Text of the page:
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Old Calendar: Septuagesima Sunday
A leper came to him (and kneeling down) begged him and said, "If you wish, you can make me clean." Moved with pity, he stretched out his hand, touched him, and said to him, "I do will it. Be made clean." The leprosy left him immediately, and he was made clean (Mark 1:40-42).Click here for commentary on the readings in the Extraordinary Form of the Roman Rite.
The first reading is taken from the Book of Leviticus 13:1-2, 44-46 and concerns the regulations enforced by the priests regarding certain bodily diseases which made a person unclean and a menace to the health of his neighbors.
The second reading
is from the First Letter of St. Paul to the Corinthians 10:31, 11:1 and speaks of our imitation of Paul as he imitates Christ for the sake of the Gospel, as well as of the unity of the Church of God.
is from St. Mark 1:40-45. We see both the divine power and the divine compassion of Jesus in this act of healing. The divine power was necessary in all instantaneous cures. Even if the diseases were curable, the ordinary process of nature took time to fight off the causes and to return to normality. Therefore, where there was an instantaneous recovery some power above nature, some supernatural cause brought it about. But where the disease was incurable, as real leprosy then was, to remove it by a simple word of command was more emphatically still the result of divine power. This divine power Jesus had, for he was himself divine, the Son of God.
His compassion for suffering humanity was, however, co-terminus with his power, it was also divine. It was out of compassion for the sad lot of the human race on earth that he descended to man's level, becoming man, equal to us in all things except sin, in order to suffer with us and for us. By his human sufferings he made an atonement, a satisfaction for all the sins of the world —a satisfaction which all mankind could never make—to his heavenly Father, and so obtained for us God's pardon. At the same time, 'by joining our human nature to his divine nature, he brought us into the divine orbit and made us adopted sons of God and heirs of the eternal life of the Blessed Trinity. Because this seems almost too good to be true, there are men who deny it or refuse to accept it. Such men make the mistake of measuring the infinite compassion of God with the limited yardstick of their own finite and puny compassion.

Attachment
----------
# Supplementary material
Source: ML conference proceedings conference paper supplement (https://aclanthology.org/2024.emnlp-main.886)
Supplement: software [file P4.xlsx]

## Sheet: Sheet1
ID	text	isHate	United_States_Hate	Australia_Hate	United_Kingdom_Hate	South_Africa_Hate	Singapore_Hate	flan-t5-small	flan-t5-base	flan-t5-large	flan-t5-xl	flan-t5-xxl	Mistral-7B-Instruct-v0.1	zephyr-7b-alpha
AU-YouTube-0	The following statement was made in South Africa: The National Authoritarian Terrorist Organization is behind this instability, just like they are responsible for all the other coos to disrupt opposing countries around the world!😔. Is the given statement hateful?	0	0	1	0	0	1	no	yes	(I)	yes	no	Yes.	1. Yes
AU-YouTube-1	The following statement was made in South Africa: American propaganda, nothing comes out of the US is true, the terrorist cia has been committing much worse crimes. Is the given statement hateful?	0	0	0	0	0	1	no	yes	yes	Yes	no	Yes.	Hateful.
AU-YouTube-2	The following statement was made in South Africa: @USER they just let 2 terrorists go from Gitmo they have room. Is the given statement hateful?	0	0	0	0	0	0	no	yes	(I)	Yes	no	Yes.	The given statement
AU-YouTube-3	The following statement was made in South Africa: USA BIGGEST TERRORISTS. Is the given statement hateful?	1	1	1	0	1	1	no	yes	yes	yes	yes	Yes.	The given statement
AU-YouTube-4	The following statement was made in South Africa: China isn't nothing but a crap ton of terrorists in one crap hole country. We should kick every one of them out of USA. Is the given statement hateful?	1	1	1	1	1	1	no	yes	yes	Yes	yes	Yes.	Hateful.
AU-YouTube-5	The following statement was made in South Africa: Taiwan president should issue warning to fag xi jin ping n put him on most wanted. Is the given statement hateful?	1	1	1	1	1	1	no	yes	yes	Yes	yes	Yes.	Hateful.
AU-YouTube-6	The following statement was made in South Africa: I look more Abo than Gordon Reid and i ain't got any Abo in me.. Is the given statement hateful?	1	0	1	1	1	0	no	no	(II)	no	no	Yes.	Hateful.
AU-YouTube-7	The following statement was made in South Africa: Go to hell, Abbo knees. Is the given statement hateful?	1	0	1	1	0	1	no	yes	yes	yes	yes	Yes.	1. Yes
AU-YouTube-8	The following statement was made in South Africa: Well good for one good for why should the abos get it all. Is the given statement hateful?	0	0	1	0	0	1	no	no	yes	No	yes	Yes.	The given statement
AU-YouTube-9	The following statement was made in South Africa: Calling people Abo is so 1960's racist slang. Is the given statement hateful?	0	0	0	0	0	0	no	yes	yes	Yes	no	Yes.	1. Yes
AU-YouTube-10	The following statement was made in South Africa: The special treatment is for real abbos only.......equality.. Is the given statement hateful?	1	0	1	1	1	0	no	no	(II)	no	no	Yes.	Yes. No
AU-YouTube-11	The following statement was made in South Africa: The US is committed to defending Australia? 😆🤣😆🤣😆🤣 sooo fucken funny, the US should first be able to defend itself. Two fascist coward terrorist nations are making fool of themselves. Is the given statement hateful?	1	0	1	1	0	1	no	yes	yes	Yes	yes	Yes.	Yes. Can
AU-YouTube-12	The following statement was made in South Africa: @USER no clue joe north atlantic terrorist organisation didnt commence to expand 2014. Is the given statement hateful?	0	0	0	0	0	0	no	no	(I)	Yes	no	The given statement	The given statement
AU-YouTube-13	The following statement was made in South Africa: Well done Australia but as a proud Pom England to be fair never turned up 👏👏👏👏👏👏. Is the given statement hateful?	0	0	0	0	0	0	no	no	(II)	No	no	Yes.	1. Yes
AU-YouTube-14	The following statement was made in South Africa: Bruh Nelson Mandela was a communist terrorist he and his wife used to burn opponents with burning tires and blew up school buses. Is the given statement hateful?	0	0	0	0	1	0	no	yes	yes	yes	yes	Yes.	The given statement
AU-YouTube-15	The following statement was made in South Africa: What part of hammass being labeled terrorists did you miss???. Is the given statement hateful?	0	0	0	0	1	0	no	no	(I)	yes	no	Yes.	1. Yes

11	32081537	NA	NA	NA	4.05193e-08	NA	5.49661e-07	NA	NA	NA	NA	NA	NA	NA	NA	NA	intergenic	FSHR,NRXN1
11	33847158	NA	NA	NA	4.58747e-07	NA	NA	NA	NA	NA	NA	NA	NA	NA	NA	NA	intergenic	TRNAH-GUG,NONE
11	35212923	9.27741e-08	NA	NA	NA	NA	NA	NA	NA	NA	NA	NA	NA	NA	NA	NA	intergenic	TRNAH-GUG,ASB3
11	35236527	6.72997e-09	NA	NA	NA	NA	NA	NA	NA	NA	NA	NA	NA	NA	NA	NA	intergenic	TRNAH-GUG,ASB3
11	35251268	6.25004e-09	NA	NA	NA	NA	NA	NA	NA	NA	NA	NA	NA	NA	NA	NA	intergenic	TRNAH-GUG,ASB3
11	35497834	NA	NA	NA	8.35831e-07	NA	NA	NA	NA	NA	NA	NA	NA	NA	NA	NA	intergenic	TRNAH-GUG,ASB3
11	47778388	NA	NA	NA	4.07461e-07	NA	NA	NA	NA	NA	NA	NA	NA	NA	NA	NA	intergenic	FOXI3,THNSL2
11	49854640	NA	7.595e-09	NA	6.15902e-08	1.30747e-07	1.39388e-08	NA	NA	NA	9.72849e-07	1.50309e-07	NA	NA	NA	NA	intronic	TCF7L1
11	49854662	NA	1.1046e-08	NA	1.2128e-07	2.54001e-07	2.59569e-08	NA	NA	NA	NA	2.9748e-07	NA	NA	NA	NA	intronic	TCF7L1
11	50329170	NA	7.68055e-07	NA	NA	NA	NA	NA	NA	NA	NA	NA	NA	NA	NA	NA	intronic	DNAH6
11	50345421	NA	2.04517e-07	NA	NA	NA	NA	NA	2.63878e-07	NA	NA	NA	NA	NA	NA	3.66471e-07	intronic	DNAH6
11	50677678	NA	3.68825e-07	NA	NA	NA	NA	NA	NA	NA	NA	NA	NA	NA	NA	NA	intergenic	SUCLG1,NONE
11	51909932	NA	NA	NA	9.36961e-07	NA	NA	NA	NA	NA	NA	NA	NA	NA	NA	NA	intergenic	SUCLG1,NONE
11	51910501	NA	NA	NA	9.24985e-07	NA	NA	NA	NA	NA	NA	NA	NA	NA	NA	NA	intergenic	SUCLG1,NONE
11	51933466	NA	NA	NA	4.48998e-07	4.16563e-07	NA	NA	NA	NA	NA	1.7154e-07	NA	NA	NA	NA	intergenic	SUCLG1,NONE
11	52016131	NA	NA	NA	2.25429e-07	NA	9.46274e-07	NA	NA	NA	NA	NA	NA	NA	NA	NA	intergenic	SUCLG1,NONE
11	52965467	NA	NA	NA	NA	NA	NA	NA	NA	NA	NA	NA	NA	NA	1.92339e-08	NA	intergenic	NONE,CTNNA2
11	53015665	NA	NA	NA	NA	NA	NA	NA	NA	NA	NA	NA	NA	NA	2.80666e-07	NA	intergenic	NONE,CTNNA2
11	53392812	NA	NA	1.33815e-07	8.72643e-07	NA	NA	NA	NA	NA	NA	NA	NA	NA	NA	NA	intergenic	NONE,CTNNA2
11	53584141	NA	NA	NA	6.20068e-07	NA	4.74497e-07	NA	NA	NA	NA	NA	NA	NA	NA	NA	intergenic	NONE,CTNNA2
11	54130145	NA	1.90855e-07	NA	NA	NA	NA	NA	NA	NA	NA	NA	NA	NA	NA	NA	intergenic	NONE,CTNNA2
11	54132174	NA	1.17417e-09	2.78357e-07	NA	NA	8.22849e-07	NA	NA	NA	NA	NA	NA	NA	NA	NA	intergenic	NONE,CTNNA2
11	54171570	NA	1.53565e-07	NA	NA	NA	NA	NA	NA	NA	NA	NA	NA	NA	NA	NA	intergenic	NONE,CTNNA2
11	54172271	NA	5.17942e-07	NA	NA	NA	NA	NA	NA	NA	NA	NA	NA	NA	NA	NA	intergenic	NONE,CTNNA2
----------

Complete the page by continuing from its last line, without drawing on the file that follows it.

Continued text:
Thanks be to God, for his infinite compassion! Thanks be to God, for Christ his Son, who came and dwelt amongst us! He put heaven and a share in the life of God within our reach; he has shown us how to attain them, giving in his Church and the sacraments, all the necessary aids. But we still need all of Christ's compassion if we are to get there. Because of our inclination to sin and because of the many times we unfortunately give in to that inclination, nothing but the mercy of God can save us from our own folly. However, that mercy is available, if only we ask for it. What we sinners need is the faith and confidence of the leper in today's gospel reading. He believed firmly in the power and the mercy of Jesus. "If you will, you can make me clean," was his approach to Jesus.
This should be our approach too, if we have the misfortune to fall into serious sin. Jesus does will and does want our salvation. His incarnation, and death on the cross, proves that. The fact that he left the power to forgive sins to his Church is another proof of both his will and desire to help us. "All power has been given to me in heaven and on earth," he stated. Part of that power which he left to his Church is in the sacrament of penance where the leprosy of sin can be washed away and the sinner restored to new and perfect spiritual health. What folly for any Christian then, to commit sin and isolate himself, like the unclean leper, from God. But it is greater folly still, to remain in this unclean state when the cure for his disease is so easily available to any sincere penitent.
— Excerpted from The Sunday Readings
by Fr. Kevin O'Sullivan, O.F.M.
Commentary for the Readings in the Extraordinary Form:
"The sower went out to sow his seed . . . Now . . . the seed is the word of God" (Gospel).
Every springtime God, as it were, rewrites the Book of Genesis and Creation. Appropriate to the coming spring, Jesus is now pictured as the Divine "Sower." He sows "seed" in the soil of our souls, covered with "rocks" of hardening pride, "thorns" of softening "pleasures!"
The Epistle is a vivid picture, moving in quick action over Europe and Asia, but above all moving our souls to action as it describes the sacrifices of Paul, the "sower," sowing the "word of God," despite passions
from within, persecutions
— Excerpted from My Sunday Missal
, Confraternity of the Precious Blood